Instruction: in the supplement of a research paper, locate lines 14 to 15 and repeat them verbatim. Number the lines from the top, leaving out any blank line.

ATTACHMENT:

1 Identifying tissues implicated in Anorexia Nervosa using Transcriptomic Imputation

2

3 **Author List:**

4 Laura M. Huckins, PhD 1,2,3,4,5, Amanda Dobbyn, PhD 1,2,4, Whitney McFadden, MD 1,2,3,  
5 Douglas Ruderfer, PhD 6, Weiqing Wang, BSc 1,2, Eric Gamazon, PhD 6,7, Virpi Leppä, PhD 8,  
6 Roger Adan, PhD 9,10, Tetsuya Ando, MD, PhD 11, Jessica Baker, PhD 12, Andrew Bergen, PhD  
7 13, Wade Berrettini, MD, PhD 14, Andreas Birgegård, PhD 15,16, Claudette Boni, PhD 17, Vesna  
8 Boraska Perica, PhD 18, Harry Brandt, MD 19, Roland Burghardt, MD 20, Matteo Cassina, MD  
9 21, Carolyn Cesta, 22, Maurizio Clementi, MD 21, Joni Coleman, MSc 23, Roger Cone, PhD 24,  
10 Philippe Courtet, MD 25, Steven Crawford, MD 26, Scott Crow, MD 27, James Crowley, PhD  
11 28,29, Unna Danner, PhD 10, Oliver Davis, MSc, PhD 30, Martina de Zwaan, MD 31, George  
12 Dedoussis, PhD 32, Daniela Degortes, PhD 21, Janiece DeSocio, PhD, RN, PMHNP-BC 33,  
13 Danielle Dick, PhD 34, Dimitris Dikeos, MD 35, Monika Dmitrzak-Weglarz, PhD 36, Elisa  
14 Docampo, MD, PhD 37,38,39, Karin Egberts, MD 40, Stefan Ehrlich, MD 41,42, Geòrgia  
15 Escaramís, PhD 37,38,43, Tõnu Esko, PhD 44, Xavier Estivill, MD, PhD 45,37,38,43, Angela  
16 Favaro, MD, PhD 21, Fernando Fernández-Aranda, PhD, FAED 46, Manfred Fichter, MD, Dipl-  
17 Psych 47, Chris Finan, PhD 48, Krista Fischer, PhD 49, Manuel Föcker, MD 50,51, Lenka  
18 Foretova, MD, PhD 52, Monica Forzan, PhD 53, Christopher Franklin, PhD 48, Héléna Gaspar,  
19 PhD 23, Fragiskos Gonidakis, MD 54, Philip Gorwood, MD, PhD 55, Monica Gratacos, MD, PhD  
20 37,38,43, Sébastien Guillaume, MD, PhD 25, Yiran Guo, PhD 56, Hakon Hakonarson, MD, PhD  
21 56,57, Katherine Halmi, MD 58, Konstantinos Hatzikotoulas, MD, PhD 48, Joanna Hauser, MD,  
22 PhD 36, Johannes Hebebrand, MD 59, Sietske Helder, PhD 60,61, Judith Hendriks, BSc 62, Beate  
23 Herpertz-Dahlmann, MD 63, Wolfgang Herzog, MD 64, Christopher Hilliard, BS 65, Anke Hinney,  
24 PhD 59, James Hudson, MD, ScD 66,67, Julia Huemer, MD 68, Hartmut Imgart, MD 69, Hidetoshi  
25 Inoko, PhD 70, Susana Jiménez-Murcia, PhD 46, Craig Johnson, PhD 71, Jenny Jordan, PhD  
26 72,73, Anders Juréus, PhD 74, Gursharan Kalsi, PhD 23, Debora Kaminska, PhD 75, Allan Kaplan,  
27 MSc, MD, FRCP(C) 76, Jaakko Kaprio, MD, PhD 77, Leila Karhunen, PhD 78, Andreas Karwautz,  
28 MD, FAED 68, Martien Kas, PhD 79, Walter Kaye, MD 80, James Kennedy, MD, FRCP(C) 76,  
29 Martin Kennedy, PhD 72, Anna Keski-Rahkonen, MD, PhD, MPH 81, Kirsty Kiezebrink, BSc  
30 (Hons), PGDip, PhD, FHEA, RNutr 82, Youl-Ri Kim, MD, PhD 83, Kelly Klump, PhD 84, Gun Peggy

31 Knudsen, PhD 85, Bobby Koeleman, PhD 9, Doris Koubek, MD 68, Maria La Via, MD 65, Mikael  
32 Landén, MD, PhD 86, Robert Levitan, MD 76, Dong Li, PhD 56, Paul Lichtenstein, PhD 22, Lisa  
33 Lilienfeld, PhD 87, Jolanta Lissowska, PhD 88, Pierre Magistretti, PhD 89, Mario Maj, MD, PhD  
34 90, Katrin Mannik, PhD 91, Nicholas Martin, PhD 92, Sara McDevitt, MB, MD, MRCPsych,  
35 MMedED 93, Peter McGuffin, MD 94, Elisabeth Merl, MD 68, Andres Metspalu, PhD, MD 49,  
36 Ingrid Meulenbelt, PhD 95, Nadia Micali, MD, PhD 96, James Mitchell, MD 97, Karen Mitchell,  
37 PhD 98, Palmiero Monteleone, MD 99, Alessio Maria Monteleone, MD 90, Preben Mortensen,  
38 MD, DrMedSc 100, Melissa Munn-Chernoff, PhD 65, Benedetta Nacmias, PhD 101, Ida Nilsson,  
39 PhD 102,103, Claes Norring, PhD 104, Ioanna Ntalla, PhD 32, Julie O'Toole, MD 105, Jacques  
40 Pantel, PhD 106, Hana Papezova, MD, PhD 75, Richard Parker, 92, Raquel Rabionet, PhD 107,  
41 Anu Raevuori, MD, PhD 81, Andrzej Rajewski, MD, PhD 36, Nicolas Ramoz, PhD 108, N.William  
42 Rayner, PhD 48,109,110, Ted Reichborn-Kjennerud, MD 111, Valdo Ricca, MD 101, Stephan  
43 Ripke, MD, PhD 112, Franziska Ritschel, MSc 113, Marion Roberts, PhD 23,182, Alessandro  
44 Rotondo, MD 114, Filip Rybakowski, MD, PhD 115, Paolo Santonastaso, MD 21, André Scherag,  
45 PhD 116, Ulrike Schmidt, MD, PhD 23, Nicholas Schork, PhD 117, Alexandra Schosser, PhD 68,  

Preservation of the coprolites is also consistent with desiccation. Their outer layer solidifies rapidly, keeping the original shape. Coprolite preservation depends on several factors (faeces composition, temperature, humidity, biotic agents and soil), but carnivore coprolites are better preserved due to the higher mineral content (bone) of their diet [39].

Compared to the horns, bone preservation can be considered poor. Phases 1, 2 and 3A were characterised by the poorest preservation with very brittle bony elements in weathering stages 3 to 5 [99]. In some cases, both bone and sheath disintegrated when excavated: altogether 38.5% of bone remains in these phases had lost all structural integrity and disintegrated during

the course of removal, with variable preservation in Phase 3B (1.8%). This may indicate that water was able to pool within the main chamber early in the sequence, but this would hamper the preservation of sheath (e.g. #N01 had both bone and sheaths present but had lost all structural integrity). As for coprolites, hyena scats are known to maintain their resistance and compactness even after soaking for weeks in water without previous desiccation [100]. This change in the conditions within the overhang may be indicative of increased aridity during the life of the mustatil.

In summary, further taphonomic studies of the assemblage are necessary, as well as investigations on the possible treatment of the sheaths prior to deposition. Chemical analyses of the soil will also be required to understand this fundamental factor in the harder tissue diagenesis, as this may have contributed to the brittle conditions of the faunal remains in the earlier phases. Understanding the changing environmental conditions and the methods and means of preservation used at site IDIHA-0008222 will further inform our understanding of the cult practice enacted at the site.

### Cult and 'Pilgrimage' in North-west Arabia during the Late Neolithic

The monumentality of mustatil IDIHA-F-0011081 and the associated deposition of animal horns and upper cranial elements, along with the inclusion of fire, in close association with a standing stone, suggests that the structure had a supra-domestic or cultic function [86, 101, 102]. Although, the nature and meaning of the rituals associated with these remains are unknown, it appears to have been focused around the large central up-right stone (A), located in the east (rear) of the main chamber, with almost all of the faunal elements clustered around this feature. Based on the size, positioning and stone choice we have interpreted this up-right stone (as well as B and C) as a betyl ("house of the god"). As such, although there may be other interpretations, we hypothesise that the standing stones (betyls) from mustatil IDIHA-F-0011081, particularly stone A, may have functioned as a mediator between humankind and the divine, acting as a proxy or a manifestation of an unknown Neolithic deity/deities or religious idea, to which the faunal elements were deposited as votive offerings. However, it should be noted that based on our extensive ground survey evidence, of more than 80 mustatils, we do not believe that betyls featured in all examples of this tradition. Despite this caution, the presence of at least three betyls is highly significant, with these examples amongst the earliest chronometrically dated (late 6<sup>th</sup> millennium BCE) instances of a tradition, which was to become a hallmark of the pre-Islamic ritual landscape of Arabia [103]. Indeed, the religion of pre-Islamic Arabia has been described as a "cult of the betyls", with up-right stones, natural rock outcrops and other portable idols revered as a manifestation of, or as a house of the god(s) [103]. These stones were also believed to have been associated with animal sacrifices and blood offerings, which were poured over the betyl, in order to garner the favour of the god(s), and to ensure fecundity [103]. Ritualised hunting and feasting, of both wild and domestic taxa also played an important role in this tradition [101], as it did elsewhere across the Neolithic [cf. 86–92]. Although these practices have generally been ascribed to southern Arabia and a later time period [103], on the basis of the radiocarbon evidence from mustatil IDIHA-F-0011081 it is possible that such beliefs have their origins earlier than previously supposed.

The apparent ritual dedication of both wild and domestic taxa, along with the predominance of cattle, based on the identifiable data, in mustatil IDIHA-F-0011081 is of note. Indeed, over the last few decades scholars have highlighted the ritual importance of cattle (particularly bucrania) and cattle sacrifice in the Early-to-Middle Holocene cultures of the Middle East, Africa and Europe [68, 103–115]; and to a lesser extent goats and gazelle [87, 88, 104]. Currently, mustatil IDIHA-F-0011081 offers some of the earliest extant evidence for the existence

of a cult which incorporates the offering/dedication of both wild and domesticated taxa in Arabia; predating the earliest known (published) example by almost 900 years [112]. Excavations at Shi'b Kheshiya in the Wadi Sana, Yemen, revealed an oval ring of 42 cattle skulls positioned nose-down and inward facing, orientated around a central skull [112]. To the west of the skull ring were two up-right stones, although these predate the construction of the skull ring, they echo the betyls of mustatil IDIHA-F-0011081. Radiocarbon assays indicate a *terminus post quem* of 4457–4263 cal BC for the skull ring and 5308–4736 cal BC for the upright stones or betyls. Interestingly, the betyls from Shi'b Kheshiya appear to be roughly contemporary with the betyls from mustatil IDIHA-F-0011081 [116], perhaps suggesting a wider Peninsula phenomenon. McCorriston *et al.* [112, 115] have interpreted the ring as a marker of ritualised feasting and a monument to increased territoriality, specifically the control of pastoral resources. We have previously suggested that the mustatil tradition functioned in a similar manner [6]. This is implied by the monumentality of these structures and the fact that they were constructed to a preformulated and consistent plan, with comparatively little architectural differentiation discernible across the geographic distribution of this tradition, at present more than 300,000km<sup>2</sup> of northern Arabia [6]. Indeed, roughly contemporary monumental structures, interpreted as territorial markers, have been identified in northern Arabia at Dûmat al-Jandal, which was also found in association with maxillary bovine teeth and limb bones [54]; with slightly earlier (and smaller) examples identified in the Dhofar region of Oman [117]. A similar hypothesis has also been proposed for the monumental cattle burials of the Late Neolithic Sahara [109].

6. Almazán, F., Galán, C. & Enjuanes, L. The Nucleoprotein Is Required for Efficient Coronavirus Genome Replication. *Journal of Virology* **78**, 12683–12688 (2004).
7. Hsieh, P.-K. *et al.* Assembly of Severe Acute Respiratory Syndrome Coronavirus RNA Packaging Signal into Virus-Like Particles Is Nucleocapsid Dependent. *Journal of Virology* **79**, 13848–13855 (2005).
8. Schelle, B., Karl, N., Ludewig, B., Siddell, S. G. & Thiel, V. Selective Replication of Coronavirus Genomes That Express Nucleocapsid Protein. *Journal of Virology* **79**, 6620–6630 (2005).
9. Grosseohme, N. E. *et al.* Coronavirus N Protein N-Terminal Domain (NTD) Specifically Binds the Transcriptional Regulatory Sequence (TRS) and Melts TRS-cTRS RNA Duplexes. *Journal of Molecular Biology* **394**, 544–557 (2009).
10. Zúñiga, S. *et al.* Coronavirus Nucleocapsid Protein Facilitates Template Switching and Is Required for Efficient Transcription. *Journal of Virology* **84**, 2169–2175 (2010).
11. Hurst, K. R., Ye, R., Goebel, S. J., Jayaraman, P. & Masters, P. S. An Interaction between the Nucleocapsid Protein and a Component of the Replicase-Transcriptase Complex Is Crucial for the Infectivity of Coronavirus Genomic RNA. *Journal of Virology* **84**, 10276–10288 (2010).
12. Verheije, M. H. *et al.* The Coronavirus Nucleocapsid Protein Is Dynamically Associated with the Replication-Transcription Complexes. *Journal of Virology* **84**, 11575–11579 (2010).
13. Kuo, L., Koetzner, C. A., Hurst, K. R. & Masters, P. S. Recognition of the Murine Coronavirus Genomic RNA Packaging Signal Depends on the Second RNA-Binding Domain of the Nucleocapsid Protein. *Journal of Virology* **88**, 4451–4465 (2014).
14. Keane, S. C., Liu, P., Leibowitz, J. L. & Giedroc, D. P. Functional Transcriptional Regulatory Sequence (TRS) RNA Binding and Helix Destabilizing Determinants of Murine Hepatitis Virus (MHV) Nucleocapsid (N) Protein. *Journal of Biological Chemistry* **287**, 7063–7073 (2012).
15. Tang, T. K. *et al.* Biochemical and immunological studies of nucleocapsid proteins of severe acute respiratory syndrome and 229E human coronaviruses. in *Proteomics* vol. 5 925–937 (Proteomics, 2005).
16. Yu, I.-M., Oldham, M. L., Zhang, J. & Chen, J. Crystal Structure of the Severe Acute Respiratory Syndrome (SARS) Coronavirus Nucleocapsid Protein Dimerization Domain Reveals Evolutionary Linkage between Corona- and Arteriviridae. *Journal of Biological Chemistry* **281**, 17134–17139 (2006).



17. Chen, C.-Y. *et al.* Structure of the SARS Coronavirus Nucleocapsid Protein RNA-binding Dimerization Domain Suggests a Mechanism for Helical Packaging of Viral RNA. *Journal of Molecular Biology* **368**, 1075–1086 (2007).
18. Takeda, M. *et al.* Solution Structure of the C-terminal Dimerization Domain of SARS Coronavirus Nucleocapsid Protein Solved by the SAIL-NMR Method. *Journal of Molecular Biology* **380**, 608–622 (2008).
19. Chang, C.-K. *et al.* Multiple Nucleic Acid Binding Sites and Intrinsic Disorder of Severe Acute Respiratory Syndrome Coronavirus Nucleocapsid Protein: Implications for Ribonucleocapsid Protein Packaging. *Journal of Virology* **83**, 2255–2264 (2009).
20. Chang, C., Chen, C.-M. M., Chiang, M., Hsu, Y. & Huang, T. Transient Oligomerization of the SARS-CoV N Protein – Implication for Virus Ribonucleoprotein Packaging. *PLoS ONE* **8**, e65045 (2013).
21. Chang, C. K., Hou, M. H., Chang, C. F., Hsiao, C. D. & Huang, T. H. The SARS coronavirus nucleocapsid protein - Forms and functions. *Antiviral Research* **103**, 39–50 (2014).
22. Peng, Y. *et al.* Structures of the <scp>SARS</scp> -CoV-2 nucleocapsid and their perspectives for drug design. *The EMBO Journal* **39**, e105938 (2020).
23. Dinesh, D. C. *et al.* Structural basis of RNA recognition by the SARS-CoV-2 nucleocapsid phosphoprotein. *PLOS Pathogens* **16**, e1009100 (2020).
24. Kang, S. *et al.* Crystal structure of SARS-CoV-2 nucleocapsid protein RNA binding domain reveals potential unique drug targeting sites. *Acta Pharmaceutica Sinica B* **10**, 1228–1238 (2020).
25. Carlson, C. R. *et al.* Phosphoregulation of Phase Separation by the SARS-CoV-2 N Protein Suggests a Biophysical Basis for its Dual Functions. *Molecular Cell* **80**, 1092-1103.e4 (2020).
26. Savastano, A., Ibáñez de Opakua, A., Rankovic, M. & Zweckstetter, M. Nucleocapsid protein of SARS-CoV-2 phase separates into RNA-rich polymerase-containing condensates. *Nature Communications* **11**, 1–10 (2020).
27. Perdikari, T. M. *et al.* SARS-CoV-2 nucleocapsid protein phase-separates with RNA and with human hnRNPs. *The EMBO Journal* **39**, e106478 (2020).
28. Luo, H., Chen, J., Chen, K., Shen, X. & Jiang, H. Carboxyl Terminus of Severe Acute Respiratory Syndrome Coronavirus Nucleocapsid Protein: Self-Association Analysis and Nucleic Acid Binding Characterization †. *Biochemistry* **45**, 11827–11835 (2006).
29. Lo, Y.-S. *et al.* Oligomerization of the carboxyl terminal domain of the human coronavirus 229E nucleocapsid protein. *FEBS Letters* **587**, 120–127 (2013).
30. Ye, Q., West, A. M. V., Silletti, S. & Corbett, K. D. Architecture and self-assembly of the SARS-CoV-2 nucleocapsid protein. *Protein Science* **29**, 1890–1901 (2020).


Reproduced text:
14 Docampo, MD, PhD 37,38,39, Karin Egberts, MD 40, Stefan Ehrlich, MD 41,42, Geòrgia  
15 Escaramís, PhD 37,38,43, Tõnu Esko, PhD 44, Xavier Estivill, MD, PhD 45,37,38,43, Angela  